Chabad of Squirrel Hill gets a $2 million makeover
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RenovationWork expected to be completed by the High Holidays

Chabad of Squirrel Hill gets a $2 million makeover

"The idea is to modernize the building, make it a fresh space for Chabad." — Rabbi Yisroel Altein

Rendering of exterior (Image courtesy of Chabad of Squirrel Hill)
Rendering of exterior (Image courtesy of Chabad of Squirrel Hill)

Contractors are hard at work on a $2 million renovation project slated to modernize and provide a much-needed facelift to Chabad of Squirrel Hill’s building on the corner of Forbes Avenue and Beechwood Boulevard.

The project, which began in late 2023, strips much of the inside of the early 1900s-era building down to its studs, said Rabbi Yisroel Altein, co-director of Chabad of Squirrel Hill. The contractor plans to build an entirely new front entrance, expand the social hall, beautify the synagogue and renovate office and classroom space on the brick-faced building’s second and third floors.

Key features of the renovated site will include a new ark facing Jerusalem and a dramatic design feature where “rays of light” — essentially parts of the ceiling structure — burst out from a modern chandelier whose LED lights resemble clustered stars.

“The idea is to modernize the building, make it a fresh space for Chabad,” Altein said. “After COVID-19 and all, we’re back in full swing — and it’s time to make this space beautiful, useful and inviting,” he said.

Once a Squirrel Hill mansion owned by a U.S. Steel executive, the building at 1700 Beechwood Blvd. housed New Light Congregation from 1957 — when that congregation left the Hill District — until 2016 when it moved to a rented space at the Tree of Life building on Wilkins and Shady avenues.

Yeshiva Schools of Pittsburgh bought the site on Dec. 15, 2017, for $700,000, Allegheny County property records show. The Orthodox Jewish day school, then facing waiting lists at its early learning center and girls’ high school, planned to use the new building to “expand on our tight spaces,” Rabbi Yisroel Rosenfeld, then the schools’ dean, told the Chronicle in 2017.

“We needed space for the short term and the long term,” Rosenfeld said.

Then, the pandemic hit and expansion plans were briefly tabled. Chabad of Squirrel Hill, however, began using the space. That group bought the building from Yeshiva Schools on Aug. 25, 2021.

Yeshiva Schools focused on growing elsewhere. In June of 2021, it bought a 70,000-square-foot property at the St. Rosalia site in Greenfield. Rabbi Yossi Rosenblum, the schools’ CEO, said that the purchase was “linked to the broader strategic plan.”

One of the site’s two Greenfield Avenue buildings measures almost 50,000 square feet and lends ample space to educate the roughly 200 boys enrolled in Yeshiva’s elementary and high schools, as well as housing 50 to 60 out-of-town high school students, Rosenblum said.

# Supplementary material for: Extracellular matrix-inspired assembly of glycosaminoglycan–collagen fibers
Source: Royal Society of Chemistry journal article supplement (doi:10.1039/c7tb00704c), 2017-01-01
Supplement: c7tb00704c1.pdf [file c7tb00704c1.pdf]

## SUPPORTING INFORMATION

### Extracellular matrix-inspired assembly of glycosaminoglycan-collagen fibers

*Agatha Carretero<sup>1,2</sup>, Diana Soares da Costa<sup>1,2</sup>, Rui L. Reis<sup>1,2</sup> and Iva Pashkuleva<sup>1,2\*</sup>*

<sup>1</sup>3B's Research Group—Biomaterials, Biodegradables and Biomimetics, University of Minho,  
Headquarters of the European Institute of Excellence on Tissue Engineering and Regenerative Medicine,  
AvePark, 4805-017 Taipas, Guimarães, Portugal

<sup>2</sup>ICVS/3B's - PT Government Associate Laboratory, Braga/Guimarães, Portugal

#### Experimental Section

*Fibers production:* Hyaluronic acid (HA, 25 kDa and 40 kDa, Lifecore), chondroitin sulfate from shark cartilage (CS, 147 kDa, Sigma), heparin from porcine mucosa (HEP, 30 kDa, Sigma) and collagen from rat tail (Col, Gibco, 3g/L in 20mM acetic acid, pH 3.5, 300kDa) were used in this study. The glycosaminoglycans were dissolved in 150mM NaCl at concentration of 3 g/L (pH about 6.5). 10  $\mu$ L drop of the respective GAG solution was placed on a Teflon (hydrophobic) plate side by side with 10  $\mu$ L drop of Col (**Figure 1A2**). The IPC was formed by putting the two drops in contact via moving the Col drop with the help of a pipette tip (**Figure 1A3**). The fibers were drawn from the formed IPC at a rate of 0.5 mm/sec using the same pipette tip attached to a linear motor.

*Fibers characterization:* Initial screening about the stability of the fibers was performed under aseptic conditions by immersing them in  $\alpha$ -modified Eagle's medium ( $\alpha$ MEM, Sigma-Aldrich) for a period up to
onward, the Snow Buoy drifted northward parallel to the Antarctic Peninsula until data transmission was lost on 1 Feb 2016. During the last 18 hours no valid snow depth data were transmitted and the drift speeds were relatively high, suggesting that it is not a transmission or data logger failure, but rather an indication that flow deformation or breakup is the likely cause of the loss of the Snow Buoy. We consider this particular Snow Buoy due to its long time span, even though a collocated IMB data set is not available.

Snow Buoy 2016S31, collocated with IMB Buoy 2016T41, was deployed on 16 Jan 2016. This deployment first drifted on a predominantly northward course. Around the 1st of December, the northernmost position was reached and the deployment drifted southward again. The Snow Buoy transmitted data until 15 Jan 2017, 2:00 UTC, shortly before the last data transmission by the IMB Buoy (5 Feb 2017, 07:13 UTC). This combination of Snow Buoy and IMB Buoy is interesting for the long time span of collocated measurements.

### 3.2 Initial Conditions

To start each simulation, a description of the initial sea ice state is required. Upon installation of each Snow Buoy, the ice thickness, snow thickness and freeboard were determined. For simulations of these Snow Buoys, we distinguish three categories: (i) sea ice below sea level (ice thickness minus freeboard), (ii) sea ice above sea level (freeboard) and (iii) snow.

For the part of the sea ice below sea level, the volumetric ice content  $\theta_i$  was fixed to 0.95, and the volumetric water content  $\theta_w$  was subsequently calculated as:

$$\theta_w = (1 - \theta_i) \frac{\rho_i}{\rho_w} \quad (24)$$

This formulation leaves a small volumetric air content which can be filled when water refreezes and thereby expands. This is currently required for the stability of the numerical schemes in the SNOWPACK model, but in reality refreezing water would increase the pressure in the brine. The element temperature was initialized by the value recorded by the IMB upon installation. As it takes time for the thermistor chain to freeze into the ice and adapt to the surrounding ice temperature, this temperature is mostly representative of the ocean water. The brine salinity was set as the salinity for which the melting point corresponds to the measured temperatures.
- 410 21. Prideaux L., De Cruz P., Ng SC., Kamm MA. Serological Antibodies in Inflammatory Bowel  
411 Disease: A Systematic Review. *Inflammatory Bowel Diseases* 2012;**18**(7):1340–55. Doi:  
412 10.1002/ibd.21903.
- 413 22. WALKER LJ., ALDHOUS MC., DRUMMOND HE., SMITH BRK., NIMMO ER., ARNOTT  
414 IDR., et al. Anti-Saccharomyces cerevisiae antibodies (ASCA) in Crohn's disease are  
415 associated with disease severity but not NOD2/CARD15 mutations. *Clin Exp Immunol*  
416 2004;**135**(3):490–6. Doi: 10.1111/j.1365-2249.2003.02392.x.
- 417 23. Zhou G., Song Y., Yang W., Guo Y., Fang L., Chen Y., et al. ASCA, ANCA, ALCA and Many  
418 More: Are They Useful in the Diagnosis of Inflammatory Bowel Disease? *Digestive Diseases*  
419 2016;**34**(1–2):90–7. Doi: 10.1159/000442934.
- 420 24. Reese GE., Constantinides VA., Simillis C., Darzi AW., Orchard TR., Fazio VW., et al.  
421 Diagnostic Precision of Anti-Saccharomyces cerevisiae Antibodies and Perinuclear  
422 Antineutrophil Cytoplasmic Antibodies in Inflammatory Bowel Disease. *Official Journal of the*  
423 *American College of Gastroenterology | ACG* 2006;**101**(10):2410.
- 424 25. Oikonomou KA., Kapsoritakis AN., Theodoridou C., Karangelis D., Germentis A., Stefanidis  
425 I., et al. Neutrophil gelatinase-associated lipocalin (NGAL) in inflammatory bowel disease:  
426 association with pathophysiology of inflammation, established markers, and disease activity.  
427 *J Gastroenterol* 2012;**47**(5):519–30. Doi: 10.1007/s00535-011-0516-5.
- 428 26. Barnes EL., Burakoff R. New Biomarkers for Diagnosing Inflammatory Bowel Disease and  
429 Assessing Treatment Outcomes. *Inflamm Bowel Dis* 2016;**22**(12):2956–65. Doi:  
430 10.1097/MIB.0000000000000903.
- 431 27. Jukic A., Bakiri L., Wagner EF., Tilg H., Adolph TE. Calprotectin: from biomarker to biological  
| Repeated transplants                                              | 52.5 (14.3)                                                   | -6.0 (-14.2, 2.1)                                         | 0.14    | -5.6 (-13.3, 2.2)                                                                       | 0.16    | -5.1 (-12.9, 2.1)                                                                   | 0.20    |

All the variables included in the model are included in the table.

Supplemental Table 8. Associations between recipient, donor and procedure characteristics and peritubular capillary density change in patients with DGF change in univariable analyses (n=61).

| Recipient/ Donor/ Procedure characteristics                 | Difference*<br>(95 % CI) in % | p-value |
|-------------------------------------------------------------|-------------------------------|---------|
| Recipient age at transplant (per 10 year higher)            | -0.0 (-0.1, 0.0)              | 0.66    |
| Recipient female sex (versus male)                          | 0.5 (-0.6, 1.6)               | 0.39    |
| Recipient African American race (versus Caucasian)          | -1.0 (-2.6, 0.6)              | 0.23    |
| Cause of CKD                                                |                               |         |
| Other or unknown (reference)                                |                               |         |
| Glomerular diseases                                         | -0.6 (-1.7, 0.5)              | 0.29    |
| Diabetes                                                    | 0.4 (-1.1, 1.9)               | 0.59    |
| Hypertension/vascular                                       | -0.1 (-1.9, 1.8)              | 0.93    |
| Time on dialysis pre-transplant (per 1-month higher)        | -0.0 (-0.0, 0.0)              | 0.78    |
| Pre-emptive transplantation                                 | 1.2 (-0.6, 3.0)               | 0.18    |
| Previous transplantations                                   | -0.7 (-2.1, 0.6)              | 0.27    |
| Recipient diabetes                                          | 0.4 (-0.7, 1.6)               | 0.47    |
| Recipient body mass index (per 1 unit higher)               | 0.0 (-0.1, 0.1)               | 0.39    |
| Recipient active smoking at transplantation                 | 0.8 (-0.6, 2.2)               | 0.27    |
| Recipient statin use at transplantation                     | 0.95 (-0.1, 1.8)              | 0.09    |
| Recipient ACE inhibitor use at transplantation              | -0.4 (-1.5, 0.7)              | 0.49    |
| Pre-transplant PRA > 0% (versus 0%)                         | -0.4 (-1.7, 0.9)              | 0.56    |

Chabad, in the meantime, got familiar with the old New Light space, holding services and community meals, and working out of its office and kitchen.

“We’ve used this space — we know what we need and we know how it’s done,” Altein said. “The planning took longer than I really wanted. But, when the trucks came and they got started, it was exciting.”

Rendering of interior (Image courtesy of Chabad of Squirrel Hill)
Certain features of the new building could be eye-popping — from the ceiling fixtures emanating from a chandelier hanging from the synagogue’s 15-foot-tall ceiling to the new entranceway, a bold metal-and-glass enclosure with expanded steps and ramps.

Double doors at the new entrance also will provide for improved security, Altein said.

The renovation project is being done in two phases, Altein said. After work is complete in the social hall, Chabad will move its operations there and then contractors will work on the synagogue side of the building. The group might erect a tent outside in warmer months if services or events call for additional space.

Altein said he hopes all work will be wrapped up by the High Holidays.

Jed Cohen has attended Chabad services with his family in Squirrel Hill for about 12 years. A project manager by day who’s friendly with Altein, Cohen said he couldn’t help but lend a hand on the project.

Cohen said he handled the Request for Proposals and helped interview contractors, eventually negotiating the deal with the Pittsburgh firm G6 Builders. Since work started, he’s assisted with permit issues and tracking the construction process.

In addition to G6, Chabad of Squirrel Hill has worked on the project with Indovina Associates Architects, a Strip District-based firm that designed the renovation work.

Cohen feels the existing building, where he started attending Chabad events near the end of the pandemic, “was very dated.” He’s excited that details like the 1970s- or ’80s-era stained glass windows will be replaced by the sun-ray chandelier, a new ark and a new entrance.

“It should be beautiful,” he said. “It will just be a much more user-friendly building.”

Cohen feels the timing to expand Chabad’s physical footprint is important. A recent Passover seder hosted by Chabad drew some 200 participants.

Growing antisemitism in the U.S. and the events of Oct. 7 in Israel also resonate for Cohen.

“For me, it’s important to have a building that will stand for my children and grandchildren,” he said. “Now, more than ever, we need to ensure we have these institutions that are family-affirming and family-enriching.” PJC

Justin Vellucci is a freelance writer living in Pittsburgh.

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